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Universities cannot be neutral about climate justice any longer

- Ufrieda Ho

With the world facing a climate emergency, higher education institutions should lead in securing a future for our children.

Universities and education |

Universities have a privileged seat at the table of knowledge. However, climate change is the great leveller. To survive and adapt in this changed world, it makes sense to pull up chairs for indigenous knowledge and local wisdom to face these challenges.

For Dr Poppy Masinga, Senior Lecturer in the Department of Social Work at Wits, a return to working with the Earth and the elements represents way to build the survival strategies needed for a world of shrinking resources and unsustainably high reliance on industrialised food production, wasteful practices and over-consumption.

“I’m 60 years old now and I remember growing up in the rural areas, you could eat wild potatoes, wild berries and locusts – people knew where to find them and how to prepare them. When I tell my children these stories, they just laugh,” she says.

Old wisdom for a new earth

Masinga isn’t advocating for pizza night to be scrapped in exchange for foraging for insects and tubers (just yet), but she says old wisdoms should be recognised and incorporated into modern, structured learning. She says now more than ever there should be respect for working with ecosystems so that they in turn support human beings.

She believes that it is the kind of thinking that should inform how the next generation of social workers are taught. It’s not about ghettoising indigenous knowledge or reducing it to a “nice to have” but about embedding it in formalised knowledge production, she says. And this will place the right pressure on politicians and policymakers to make a commitment to direct resources towards these goals.

Social workers are the professionals at the front line of helping the marginalised people in our societies to survive better. “The most detrimental consequence of environmental injustice is climate change, which poses a threat to food security and access to clean, safe drinking water. The long-term impact is on all other systems, with the poor and vulnerable suffering the most. There is a need for curriculum transformation and integration of theoretical and philosophical perspectives and principles of radical social work practice,” she wrote in an abstract with colleagues Dr Thobeka Nkomo and Dr Nontembeko Bila.

Best of the West and Africa

Universities need to educate students to confront social injustice, inequality and the oppression of minorities. This, says Masinga, is an ethical and moral imperative that cannot be ignored any longer.

“We have become accustomed to thinking that the Western way of doing everything is the only way, but when we combine the two – of western ways and our own African ways – we get the best of two worlds,” Masinga says.

Dr Darlene Miller in the Wits School of Governance has been trying to change the status quo. In 2014/15, when she was at the University of the Western Cape, Miller and her then colleagues Dr Nomalanga Mkhize, Dr Babalwa Magoqwana and Rebecca Pointer created an initiative called the Green Leadership Schools (GLS) as an alternative approach to decolonising the university landscape.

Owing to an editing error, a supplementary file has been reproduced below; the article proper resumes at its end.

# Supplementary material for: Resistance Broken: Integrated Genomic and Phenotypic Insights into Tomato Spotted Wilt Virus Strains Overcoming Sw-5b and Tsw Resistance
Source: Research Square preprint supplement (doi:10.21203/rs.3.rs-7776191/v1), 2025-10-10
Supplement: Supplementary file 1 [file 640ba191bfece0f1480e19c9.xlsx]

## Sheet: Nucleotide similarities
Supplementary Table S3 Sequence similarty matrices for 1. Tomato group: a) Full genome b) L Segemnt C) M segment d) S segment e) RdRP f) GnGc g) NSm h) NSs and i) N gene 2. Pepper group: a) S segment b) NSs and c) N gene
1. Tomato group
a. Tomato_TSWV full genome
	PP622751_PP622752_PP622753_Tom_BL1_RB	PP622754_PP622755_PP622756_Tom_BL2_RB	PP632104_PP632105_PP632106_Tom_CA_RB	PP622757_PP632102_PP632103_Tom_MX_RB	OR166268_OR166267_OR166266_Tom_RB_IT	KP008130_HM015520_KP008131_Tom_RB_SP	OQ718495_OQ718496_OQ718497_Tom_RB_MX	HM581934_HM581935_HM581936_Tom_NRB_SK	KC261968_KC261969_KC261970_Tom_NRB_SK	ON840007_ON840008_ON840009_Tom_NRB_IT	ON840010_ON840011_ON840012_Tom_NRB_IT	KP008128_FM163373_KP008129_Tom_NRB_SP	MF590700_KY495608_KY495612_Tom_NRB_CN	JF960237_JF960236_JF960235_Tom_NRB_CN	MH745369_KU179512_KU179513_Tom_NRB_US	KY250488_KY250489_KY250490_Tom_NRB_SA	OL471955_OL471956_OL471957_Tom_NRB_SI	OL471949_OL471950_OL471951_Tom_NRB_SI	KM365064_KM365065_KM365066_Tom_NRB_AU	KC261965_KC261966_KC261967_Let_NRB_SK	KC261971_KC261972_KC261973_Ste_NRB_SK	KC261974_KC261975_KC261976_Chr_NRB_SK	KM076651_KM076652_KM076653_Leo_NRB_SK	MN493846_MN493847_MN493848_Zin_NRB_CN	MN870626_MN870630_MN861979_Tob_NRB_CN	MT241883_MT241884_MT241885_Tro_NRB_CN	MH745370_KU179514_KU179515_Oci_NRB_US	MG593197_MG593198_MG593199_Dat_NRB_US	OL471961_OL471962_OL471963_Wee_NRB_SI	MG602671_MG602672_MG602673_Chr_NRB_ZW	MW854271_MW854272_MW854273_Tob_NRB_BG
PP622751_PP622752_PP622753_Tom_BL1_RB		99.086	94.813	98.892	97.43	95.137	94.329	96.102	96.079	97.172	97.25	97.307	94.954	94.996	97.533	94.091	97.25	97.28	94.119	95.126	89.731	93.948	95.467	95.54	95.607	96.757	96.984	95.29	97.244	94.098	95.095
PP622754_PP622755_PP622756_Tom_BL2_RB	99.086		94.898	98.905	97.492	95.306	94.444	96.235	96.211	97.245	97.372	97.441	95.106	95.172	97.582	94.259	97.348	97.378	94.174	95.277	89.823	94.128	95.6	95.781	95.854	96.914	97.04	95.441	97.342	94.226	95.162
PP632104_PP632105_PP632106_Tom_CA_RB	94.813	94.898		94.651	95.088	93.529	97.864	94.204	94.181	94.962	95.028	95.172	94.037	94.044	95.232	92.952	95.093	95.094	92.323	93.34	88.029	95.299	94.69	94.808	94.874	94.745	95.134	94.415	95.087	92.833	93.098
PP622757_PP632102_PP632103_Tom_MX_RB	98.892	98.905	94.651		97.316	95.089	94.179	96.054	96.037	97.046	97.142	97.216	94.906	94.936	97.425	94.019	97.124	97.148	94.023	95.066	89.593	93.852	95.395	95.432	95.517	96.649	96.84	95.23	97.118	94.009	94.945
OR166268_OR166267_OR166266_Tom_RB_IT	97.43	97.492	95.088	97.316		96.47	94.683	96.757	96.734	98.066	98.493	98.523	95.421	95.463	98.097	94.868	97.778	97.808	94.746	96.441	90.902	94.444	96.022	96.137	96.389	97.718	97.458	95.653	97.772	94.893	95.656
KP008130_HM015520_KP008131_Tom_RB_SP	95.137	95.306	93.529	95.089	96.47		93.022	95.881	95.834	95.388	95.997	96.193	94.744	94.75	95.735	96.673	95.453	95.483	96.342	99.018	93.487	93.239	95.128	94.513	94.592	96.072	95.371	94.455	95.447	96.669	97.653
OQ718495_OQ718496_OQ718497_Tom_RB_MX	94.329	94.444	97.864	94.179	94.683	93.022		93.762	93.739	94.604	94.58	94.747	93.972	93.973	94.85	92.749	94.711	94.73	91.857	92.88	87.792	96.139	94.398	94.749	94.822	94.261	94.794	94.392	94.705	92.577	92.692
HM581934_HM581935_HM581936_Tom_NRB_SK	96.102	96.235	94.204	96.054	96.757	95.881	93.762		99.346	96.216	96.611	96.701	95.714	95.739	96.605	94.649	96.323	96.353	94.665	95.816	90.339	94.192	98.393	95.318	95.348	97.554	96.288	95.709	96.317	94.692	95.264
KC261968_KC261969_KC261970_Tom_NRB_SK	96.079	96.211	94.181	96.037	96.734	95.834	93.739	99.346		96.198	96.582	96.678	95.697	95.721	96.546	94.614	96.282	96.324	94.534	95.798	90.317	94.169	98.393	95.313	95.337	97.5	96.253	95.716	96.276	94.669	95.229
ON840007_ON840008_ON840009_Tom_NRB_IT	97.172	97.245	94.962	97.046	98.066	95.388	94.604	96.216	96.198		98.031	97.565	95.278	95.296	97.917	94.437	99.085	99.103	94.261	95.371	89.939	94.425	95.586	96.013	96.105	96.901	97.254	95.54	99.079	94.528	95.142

Through the Green Leadership Schools, Miller and her colleagues aimed to provide a new approach to university curricula that “allows for the integration of the environment” into all aspects of learning at universities.

“The curriculum of the GLS [introduced at four sites in South Africa] dealt with land, gender and leadership and how these are related to crucial environmental issues such as climate change and indigenous knowledge,” says Miller.

“Finding alternatives to westernised knowledge is not easy, given the historical ruptures that have occurred in Africa. We face an epistemic challenge to find our way back to the beauty of the indigenous rather than the reaction of traditionalism. This endeavour is integral to the decolonisation of universities. The present university system still constrains the growth of black intellectuals and professionals and what we looked at was a radical alternative based in a grounded research method.”

Taking a stand

Another shift for universities will be to nail their colours to the mast in the fight for environmental justice, says Dr Robert Krause, a researcher based at the Environmental Justice Programme in the Centre for Applied Legal Studies (CALS) at Wits.

“Universities need to choose a side. Scientific rigour remains at the heart of science and research but universities can’t be neutral about environmental justice any longer,” says Krause.

Universities have leverage and power, which Krause believes should be aligned more unequivocally to people who are often left to stand up against corporate polluters like mines and factories.

Krause sees potential for the exchange of knowledge, collaboration and for deepening partnerships between universities, communities and other civil society structures.

For instance, students can learn from the context and nuances that communities affected with the challenges of climate change live with. In return, the collaboration means these communities can be empowered to contribute to gathering data and evidence against offending companies, for CALS to build cases against polluters.

It is these kinds of partnerships, Krause says, that will help test the limits of legislation such as the National Environmental Management Act in holding polluters to account through real penalties.

“We know the next 10 or 15 years are critical to reduce CO2 emission levels to avert a climate crisis,” says Krause. “Economic power is still what makes default decisions for us, but we need to be able to build counter power through organising and mobilising communities.”